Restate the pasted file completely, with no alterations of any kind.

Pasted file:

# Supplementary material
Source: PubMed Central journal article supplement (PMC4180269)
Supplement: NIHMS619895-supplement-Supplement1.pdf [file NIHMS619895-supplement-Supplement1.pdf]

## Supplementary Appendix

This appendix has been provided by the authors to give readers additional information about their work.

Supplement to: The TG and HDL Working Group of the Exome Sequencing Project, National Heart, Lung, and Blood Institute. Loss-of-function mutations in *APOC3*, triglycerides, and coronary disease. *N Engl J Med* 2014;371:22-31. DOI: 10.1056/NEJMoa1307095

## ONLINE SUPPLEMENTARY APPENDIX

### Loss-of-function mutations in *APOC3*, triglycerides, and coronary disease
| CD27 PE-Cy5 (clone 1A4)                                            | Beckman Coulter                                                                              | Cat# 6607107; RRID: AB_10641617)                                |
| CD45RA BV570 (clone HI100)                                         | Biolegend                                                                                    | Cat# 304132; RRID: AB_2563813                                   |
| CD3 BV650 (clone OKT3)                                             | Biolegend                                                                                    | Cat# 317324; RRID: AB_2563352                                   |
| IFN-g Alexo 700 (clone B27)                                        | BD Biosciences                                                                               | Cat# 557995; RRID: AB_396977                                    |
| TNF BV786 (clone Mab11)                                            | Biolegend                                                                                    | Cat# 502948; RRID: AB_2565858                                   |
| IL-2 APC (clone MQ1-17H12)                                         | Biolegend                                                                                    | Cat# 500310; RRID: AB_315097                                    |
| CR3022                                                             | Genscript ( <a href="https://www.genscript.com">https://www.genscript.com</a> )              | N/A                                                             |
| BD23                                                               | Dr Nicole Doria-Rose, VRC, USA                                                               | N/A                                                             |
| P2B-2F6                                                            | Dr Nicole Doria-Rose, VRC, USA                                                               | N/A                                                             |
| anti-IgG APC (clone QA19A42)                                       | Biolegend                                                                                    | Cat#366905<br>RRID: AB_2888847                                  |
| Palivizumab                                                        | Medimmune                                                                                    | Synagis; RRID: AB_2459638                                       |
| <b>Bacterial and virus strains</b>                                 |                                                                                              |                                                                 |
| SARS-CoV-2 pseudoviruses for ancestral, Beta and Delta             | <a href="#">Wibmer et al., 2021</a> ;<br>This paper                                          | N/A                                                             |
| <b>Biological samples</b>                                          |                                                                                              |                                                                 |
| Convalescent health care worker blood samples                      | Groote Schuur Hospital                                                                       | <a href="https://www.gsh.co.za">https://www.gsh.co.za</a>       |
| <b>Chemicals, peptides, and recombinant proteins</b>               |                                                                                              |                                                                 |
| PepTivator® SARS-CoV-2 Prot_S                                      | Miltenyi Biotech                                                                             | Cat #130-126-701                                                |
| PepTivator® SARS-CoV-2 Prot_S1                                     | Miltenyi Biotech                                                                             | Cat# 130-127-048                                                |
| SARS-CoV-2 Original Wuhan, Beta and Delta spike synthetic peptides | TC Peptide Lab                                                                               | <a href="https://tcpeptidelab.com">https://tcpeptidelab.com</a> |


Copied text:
# Supplementary material
Source: PubMed Central journal article supplement (PMC4180269)
Supplement: NIHMS619895-supplement-Supplement1.pdf [file NIHMS619895-supplement-Supplement1.pdf]

## Supplementary Appendix

This appendix has been provided by the authors to give readers additional information about their work.

Supplement to: The TG and HDL Working Group of the Exome Sequencing Project, National Heart, Lung, and Blood Institute. Loss-of-function mutations in *APOC3*, triglycerides, and coronary disease. *N Engl J Med* 2014;371:22-31. DOI: 10.1056/NEJMoa1307095

## ONLINE SUPPLEMENTARY APPENDIX

### Loss-of-function mutations in *APOC3*, triglycerides, and coronary disease
| CD27 PE-Cy5 (clone 1A4)                                            | Beckman Coulter                                                                              | Cat# 6607107; RRID: AB_10641617)                                |
| CD45RA BV570 (clone HI100)                                         | Biolegend                                                                                    | Cat# 304132; RRID: AB_2563813                                   |
| CD3 BV650 (clone OKT3)                                             | Biolegend                                                                                    | Cat# 317324; RRID: AB_2563352                                   |
| IFN-g Alexo 700 (clone B27)                                        | BD Biosciences                                                                               | Cat# 557995; RRID: AB_396977                                    |
| TNF BV786 (clone Mab11)                                            | Biolegend                                                                                    | Cat# 502948; RRID: AB_2565858                                   |
| IL-2 APC (clone MQ1-17H12)                                         | Biolegend                                                                                    | Cat# 500310; RRID: AB_315097                                    |
| CR3022                                                             | Genscript ( <a href="https://www.genscript.com">https://www.genscript.com</a> )              | N/A                                                             |
| BD23                                                               | Dr Nicole Doria-Rose, VRC, USA                                                               | N/A                                                             |
| P2B-2F6                                                            | Dr Nicole Doria-Rose, VRC, USA                                                               | N/A                                                             |
| anti-IgG APC (clone QA19A42)                                       | Biolegend                                                                                    | Cat#366905<br>RRID: AB_2888847                                  |
| Palivizumab                                                        | Medimmune                                                                                    | Synagis; RRID: AB_2459638                                       |
| <b>Bacterial and virus strains</b>                                 |                                                                                              |                                                                 |
| SARS-CoV-2 pseudoviruses for ancestral, Beta and Delta             | <a href="#">Wibmer et al., 2021</a> ;<br>This paper                                          | N/A                                                             |
| <b>Biological samples</b>                                          |                                                                                              |                                                                 |
| Convalescent health care worker blood samples                      | Groote Schuur Hospital                                                                       | <a href="https://www.gsh.co.za">https://www.gsh.co.za</a>       |
| <b>Chemicals, peptides, and recombinant proteins</b>               |                                                                                              |                                                                 |
| PepTivator® SARS-CoV-2 Prot_S                                      | Miltenyi Biotech                                                                             | Cat #130-126-701                                                |
| PepTivator® SARS-CoV-2 Prot_S1                                     | Miltenyi Biotech                                                                             | Cat# 130-127-048                                                |
| SARS-CoV-2 Original Wuhan, Beta and Delta spike synthetic peptides | TC Peptide Lab                                                                               | <a href="https://tcpeptidelab.com">https://tcpeptidelab.com</a> |